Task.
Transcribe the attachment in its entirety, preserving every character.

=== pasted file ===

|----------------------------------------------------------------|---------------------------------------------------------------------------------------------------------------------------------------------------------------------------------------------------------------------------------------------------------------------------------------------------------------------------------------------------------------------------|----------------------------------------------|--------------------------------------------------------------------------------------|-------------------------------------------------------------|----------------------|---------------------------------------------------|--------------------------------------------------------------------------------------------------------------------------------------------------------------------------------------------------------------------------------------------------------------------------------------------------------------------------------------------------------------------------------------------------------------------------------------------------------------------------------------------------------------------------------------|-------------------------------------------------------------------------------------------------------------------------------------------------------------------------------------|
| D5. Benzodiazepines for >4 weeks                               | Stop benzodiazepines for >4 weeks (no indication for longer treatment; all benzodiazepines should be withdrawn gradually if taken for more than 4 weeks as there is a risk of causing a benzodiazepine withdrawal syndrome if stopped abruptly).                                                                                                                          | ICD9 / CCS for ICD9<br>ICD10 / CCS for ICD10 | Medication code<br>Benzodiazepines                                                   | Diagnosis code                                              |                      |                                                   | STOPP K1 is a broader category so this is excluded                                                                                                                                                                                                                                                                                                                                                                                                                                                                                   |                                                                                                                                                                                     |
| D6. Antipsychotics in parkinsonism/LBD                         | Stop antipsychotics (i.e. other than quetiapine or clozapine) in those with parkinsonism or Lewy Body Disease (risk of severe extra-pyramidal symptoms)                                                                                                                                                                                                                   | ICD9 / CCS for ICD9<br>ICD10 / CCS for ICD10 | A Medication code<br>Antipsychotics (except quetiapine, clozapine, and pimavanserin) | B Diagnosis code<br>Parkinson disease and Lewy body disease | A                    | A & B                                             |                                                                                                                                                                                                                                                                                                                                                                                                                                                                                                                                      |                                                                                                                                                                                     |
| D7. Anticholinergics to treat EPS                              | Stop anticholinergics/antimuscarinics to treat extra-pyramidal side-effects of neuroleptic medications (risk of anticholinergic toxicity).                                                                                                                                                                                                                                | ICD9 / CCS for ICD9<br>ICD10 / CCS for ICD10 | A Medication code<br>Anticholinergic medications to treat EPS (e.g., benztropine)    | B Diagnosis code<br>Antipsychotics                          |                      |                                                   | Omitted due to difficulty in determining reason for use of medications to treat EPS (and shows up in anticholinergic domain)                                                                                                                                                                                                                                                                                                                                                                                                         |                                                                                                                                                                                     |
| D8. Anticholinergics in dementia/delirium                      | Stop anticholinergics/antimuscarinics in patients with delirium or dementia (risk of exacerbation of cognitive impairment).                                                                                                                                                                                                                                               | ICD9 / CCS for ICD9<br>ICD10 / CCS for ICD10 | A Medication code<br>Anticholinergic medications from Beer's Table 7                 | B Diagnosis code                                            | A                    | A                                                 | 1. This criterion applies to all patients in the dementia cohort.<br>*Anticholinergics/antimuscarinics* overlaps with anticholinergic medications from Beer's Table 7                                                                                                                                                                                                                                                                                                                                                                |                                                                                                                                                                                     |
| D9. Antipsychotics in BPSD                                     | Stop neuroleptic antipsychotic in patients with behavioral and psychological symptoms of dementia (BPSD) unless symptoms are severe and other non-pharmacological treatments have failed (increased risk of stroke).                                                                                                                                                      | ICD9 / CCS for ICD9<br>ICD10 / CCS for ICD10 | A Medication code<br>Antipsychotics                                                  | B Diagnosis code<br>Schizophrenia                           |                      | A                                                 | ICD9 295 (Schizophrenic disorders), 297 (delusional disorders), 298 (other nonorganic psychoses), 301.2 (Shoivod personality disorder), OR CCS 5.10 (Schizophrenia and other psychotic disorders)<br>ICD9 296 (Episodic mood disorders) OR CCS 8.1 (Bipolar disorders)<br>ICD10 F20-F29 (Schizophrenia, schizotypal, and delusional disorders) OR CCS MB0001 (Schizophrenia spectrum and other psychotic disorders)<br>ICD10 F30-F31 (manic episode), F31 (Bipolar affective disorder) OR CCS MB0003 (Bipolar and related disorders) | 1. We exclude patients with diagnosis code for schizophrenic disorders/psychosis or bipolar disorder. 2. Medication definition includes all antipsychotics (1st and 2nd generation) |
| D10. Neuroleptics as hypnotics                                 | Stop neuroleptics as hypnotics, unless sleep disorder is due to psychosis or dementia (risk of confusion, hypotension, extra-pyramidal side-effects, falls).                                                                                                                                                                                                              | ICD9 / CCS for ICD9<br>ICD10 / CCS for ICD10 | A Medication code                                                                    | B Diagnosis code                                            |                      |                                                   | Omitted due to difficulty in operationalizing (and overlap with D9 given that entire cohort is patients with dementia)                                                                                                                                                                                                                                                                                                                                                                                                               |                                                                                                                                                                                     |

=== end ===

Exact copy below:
|----------------------------------------------------------------|---------------------------------------------------------------------------------------------------------------------------------------------------------------------------------------------------------------------------------------------------------------------------------------------------------------------------------------------------------------------------|----------------------------------------------|--------------------------------------------------------------------------------------|-------------------------------------------------------------|----------------------|---------------------------------------------------|--------------------------------------------------------------------------------------------------------------------------------------------------------------------------------------------------------------------------------------------------------------------------------------------------------------------------------------------------------------------------------------------------------------------------------------------------------------------------------------------------------------------------------------|-------------------------------------------------------------------------------------------------------------------------------------------------------------------------------------|
| D5. Benzodiazepines for >4 weeks                               | Stop benzodiazepines for >4 weeks (no indication for longer treatment; all benzodiazepines should be withdrawn gradually if taken for more than 4 weeks as there is a risk of causing a benzodiazepine withdrawal syndrome if stopped abruptly).                                                                                                                          | ICD9 / CCS for ICD9<br>ICD10 / CCS for ICD10 | Medication code<br>Benzodiazepines                                                   | Diagnosis code                                              |                      |                                                   | STOPP K1 is a broader category so this is excluded                                                                                                                                                                                                                                                                                                                                                                                                                                                                                   |                                                                                                                                                                                     |
| D6. Antipsychotics in parkinsonism/LBD                         | Stop antipsychotics (i.e. other than quetiapine or clozapine) in those with parkinsonism or Lewy Body Disease (risk of severe extra-pyramidal symptoms)                                                                                                                                                                                                                   | ICD9 / CCS for ICD9<br>ICD10 / CCS for ICD10 | A Medication code<br>Antipsychotics (except quetiapine, clozapine, and pimavanserin) | B Diagnosis code<br>Parkinson disease and Lewy body disease | A                    | A & B                                             |                                                                                                                                                                                                                                                                                                                                                                                                                                                                                                                                      |                                                                                                                                                                                     |
| D7. Anticholinergics to treat EPS                              | Stop anticholinergics/antimuscarinics to treat extra-pyramidal side-effects of neuroleptic medications (risk of anticholinergic toxicity).                                                                                                                                                                                                                                | ICD9 / CCS for ICD9<br>ICD10 / CCS for ICD10 | A Medication code<br>Anticholinergic medications to treat EPS (e.g., benztropine)    | B Diagnosis code<br>Antipsychotics                          |                      |                                                   | Omitted due to difficulty in determining reason for use of medications to treat EPS (and shows up in anticholinergic domain)                                                                                                                                                                                                                                                                                                                                                                                                         |                                                                                                                                                                                     |
| D8. Anticholinergics in dementia/delirium                      | Stop anticholinergics/antimuscarinics in patients with delirium or dementia (risk of exacerbation of cognitive impairment).                                                                                                                                                                                                                                               | ICD9 / CCS for ICD9<br>ICD10 / CCS for ICD10 | A Medication code<br>Anticholinergic medications from Beer's Table 7                 | B Diagnosis code                                            | A                    | A                                                 | 1. This criterion applies to all patients in the dementia cohort.<br>*Anticholinergics/antimuscarinics* overlaps with anticholinergic medications from Beer's Table 7                                                                                                                                                                                                                                                                                                                                                                |                                                                                                                                                                                     |
| D9. Antipsychotics in BPSD                                     | Stop neuroleptic antipsychotic in patients with behavioral and psychological symptoms of dementia (BPSD) unless symptoms are severe and other non-pharmacological treatments have failed (increased risk of stroke).                                                                                                                                                      | ICD9 / CCS for ICD9<br>ICD10 / CCS for ICD10 | A Medication code<br>Antipsychotics                                                  | B Diagnosis code<br>Schizophrenia                           |                      | A                                                 | ICD9 295 (Schizophrenic disorders), 297 (delusional disorders), 298 (other nonorganic psychoses), 301.2 (Shoivod personality disorder), OR CCS 5.10 (Schizophrenia and other psychotic disorders)<br>ICD9 296 (Episodic mood disorders) OR CCS 8.1 (Bipolar disorders)<br>ICD10 F20-F29 (Schizophrenia, schizotypal, and delusional disorders) OR CCS MB0001 (Schizophrenia spectrum and other psychotic disorders)<br>ICD10 F30-F31 (manic episode), F31 (Bipolar affective disorder) OR CCS MB0003 (Bipolar and related disorders) | 1. We exclude patients with diagnosis code for schizophrenic disorders/psychosis or bipolar disorder. 2. Medication definition includes all antipsychotics (1st and 2nd generation) |
| D10. Neuroleptics as hypnotics                                 | Stop neuroleptics as hypnotics, unless sleep disorder is due to psychosis or dementia (risk of confusion, hypotension, extra-pyramidal side-effects, falls).                                                                                                                                                                                                              | ICD9 / CCS for ICD9<br>ICD10 / CCS for ICD10 | A Medication code                                                                    | B Diagnosis code                                            |                      |                                                   | Omitted due to difficulty in operationalizing (and overlap with D9 given that entire cohort is patients with dementia)                                                                                                                                                                                                                                                                                                                                                                                                               |                                                                                                                                                                                     |